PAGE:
The Riley Houses were on the northern side of the road, just after the Station Road corner with Bath Street.
The Riley brothers had an interest in a row of properties on the north side of New Street. Adeline is probably recalling the 1860’s when she remembers two houses being occupied by the Rileys, though in fact they made more use of the row than that…. as we shall see.
The Brothers Riley and the Cockayne Sisters
George and Samuel Riley were two sons of John, framework knitter and house proprietor, and Jane (nee Walker) and both married daughters of Joseph Cockayne and Ruth (nee Musson).
George Riley (1813-1885)
“George Riley, a machinist at Carrier’s, had a plot of land on the north side. He built three or four houses. George and his family lived in one.”
Lacemaker George Riley married Charlotte Cockayne in May 1833 and their children were…
Harriet (born in December 1836) died in March 1857, three months after her marriage to James Henshaw, stone miner of Cotmanhay, and shortly after the birth of their son George William … who died three months later.
James Henshaw was a younger brother of Bath Street fishmonger William and later followed the same trade as his brother. In 1858 James remarried to Emma Shipley of Derby and thereafter lived in the North Street area.
John (October 1838) died in infancy.
Jane (June 1840) married John Daykin, lace maker of Bath Street, in December 1859.
John’s family were the Daykins of Daykin’s Row, on the north side of the Primitive Methodist Chapel in Bath Street.
For almost 20 years after their marriage Jane and John lived in one of the ‘Riley’ houses in New Street/Station Road.
daughter Sarah, who married young York of South Street, (and) lived in the next (house).
Sarah was the younger twin of Jane — by 30 minutes — and in September 1861, became the wife of Joseph York, plumber and glazier of South Street.
He seems to have deserted Sarah in the 1860’s to go abroad (?) so that in 1870 she gave birth to her illegitimate son John York.
Sarah lived in a Riley house and after her ‘desertion’ some of her children were taken in by the grandparents.
Her illegitimate daughter, Harriet Riley – born in 1858 before her mother’s marriage to Joseph York — also occupied a place there after her marriage to Frederick Beardsley, coalminer, in June 1878.
George junior (March 1843)…. Was this the George Riley who left Ilkeston in the 1870’s, with Mary Wright, to work as a lacemaker in Nottingham ?
Mary was the daughter of Chapel Street baker and confectioner David and Eliza (nee Phillips), had an illegitimate daughter Ann in 1864 before forming a relationship (?) with George Riley, and moved with him to live in Napoleon Square in Nottingham.
In November 1865 Elizabeth (August 1846) married Henry Smith, cordwainer of Bath Street and the younger brother of George Clay Smith, who will feature shortly.
These Smiths were the Smiths of Smith’s Yard off Bath Street, opposite the Primitive Methodist Chapel.
Elizabeth died in October 1874, aged 28, leaving her husband and one surviving son, Henry junior.
Her widower Henry remarried in the following year to Sarah Howard, the daughter of the coal agent of Babbington Wharf, Benjamin and Harriet (nee Allen).
Ruth (February 1852) became the wife of Isaac Henshaw, coalminer of Cotmanhay, in April 1874 and thereafter lived in one of the Riley houses in Station Road.
Ruth died there in April 1897, aged 46.
Isaac married again, in 1900, to Sarah Ann Ball, and moved out of Station Road to 18 Burr Lane where he and his wife lived for the rest of their lives. He died there in 1920 and Sarah Ann in 1935. Both are buried in Park Cemetery.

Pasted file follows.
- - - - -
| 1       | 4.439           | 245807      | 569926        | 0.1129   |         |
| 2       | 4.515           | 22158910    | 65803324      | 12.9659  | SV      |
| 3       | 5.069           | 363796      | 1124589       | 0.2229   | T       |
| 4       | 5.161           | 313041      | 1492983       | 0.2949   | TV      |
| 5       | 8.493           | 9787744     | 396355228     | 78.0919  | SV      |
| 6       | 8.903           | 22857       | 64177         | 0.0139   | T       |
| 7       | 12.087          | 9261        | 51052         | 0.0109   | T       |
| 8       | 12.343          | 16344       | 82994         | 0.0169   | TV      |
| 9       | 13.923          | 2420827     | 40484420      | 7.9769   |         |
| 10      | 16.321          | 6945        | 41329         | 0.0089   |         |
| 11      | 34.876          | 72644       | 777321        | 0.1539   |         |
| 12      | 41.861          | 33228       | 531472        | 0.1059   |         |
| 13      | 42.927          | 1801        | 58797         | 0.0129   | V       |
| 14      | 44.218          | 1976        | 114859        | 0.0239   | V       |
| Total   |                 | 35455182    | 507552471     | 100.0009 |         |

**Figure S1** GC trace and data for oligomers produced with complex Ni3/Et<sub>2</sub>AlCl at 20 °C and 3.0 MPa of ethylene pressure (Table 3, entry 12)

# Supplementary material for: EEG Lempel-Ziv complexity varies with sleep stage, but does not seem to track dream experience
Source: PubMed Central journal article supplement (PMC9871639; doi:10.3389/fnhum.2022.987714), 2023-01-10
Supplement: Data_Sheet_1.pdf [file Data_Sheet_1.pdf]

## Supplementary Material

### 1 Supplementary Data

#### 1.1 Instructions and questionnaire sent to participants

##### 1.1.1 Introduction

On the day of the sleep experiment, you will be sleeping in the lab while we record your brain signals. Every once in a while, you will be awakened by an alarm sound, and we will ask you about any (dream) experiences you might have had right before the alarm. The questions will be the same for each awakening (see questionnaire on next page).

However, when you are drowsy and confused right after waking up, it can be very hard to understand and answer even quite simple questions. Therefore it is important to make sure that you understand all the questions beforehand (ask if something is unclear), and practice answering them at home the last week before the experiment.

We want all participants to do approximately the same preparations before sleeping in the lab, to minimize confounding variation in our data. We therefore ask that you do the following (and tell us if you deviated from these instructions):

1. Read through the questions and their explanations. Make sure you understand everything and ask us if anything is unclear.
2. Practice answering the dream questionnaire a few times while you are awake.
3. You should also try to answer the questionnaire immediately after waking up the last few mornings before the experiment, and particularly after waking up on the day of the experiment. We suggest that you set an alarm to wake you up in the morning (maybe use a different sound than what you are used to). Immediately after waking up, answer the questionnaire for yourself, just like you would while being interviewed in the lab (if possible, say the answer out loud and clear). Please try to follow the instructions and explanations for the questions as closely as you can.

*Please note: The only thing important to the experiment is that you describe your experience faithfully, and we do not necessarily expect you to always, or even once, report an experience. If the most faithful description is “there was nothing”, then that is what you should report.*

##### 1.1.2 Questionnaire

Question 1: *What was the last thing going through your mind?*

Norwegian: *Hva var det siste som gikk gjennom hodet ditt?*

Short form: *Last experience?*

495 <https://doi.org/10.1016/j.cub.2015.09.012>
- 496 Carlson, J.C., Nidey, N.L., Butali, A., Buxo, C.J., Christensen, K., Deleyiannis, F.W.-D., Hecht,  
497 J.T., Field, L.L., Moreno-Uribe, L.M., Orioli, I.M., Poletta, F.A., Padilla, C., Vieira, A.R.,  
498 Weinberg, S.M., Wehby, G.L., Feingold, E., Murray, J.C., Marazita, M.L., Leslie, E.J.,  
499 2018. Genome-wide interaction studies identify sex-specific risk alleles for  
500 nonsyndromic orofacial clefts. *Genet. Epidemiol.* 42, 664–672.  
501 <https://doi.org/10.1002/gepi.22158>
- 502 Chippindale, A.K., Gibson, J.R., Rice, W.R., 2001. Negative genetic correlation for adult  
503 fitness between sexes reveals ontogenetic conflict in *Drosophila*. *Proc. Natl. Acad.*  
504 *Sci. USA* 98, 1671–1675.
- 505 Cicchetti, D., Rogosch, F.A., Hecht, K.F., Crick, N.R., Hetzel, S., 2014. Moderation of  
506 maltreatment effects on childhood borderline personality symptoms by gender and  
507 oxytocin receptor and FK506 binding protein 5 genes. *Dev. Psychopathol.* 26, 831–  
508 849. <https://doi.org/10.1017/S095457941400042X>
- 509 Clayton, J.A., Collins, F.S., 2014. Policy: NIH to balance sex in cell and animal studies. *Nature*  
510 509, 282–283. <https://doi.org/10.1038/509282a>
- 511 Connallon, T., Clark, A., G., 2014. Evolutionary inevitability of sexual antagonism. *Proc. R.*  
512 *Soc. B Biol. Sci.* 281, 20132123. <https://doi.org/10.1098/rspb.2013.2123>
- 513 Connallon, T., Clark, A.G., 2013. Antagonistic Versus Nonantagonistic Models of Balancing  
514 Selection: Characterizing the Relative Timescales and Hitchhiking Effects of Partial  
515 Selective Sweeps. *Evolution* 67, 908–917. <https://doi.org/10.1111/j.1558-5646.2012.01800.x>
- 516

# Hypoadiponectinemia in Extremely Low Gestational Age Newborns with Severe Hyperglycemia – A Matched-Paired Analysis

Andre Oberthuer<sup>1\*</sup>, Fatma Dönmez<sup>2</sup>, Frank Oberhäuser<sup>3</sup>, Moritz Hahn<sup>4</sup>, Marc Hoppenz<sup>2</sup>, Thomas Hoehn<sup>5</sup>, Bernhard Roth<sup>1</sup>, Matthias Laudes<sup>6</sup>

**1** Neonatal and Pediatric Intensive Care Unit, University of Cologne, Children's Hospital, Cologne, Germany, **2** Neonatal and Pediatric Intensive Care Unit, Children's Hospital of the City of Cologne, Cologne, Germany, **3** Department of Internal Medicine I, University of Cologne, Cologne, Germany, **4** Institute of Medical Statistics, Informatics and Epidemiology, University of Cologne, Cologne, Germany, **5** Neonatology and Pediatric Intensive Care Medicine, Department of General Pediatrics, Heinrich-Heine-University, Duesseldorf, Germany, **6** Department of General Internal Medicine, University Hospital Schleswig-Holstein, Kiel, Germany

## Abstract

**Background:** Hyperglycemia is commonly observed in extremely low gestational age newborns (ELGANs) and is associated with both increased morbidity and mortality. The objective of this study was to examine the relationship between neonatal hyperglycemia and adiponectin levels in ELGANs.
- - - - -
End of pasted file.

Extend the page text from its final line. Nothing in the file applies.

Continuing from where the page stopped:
Matilda (May 1854), in 1880, married Arthur Holmes, blacksmith of Sandiacre and then also occupied a Riley house until her death there in May 1889.
Arthur then moved on and became the proprietor of the Durham Ox Inn where he died in 1901. He is buried in Park Cemetery, sharing a grave with his son, Arthur jun., his second wife Martha (nee Hood), and her second husband, Thomas Straw.
Samuel Riley (1815-1876)
George’s younger brother Samuel Riley was a coalminer and married Sarah Cockayne in March 1836.
The couple had at least 14 children though only the first four survived beyond infancy.
Eldest child Mary (born August 1836) was a lucky one to survive.
Her relationship with Ilkeston coalminer Amos Phillips resulted in the birth of their illegitimate daughter Sarah Jane Riley in May 1857. There followed another illegitimate daughter who died in infancy (I am not sure of the father) before Mary married Ilkeston joiner David Johnson in October 1859.
After the marriage the couple lived in a Riley house where two of their children were born, and then about 1862, the family moved into Albion Place where a further five children were born. One of these was their son Reuben (or Arthur Reuben — he could never make up his mind !!) born on September 5th, 1865. Phil Henshaw has put together a very interesting account of this very interesting individual which we can see on the next page.
By 1881 the Johnsons were back in Station Road and thus began the family’s long connection with the street, which was to last until the 21st century.
Martha (September 1838) married her first husband in December 1863 .. he was Edmund George Harrison, who as a young lad, came to Ilkeston from Surrey with his parents (Thomas Rose Harrison and Mary Ann (nee Perry)) to work as a potter at the premises of Richard Evans.
Martha and Edmund George were living in Ebenezer Terrace with their two children when tragedy visited the family, the details of which differ … according to the source used.
In late October 1861, then aged 25, Edmund George had walked over to Cossall to visit a Wheatley houseshold there. It appears that he had gone to collect a gun which he had previously purchased or had been promised by the son at the house. However he was not at home, but the aged father was. When the old man picked up the gun and was examining it before handing it over, he inadvertently released the hammer and the gun was fired. In the line of fire, Edmund George was seriously wounded and after being attended by Dr. William Campbell who hastened over from Ilkeston, the wounded man was returned to his home. He lingered on for a few days but the wounds were so serious that they eventually proved fatal.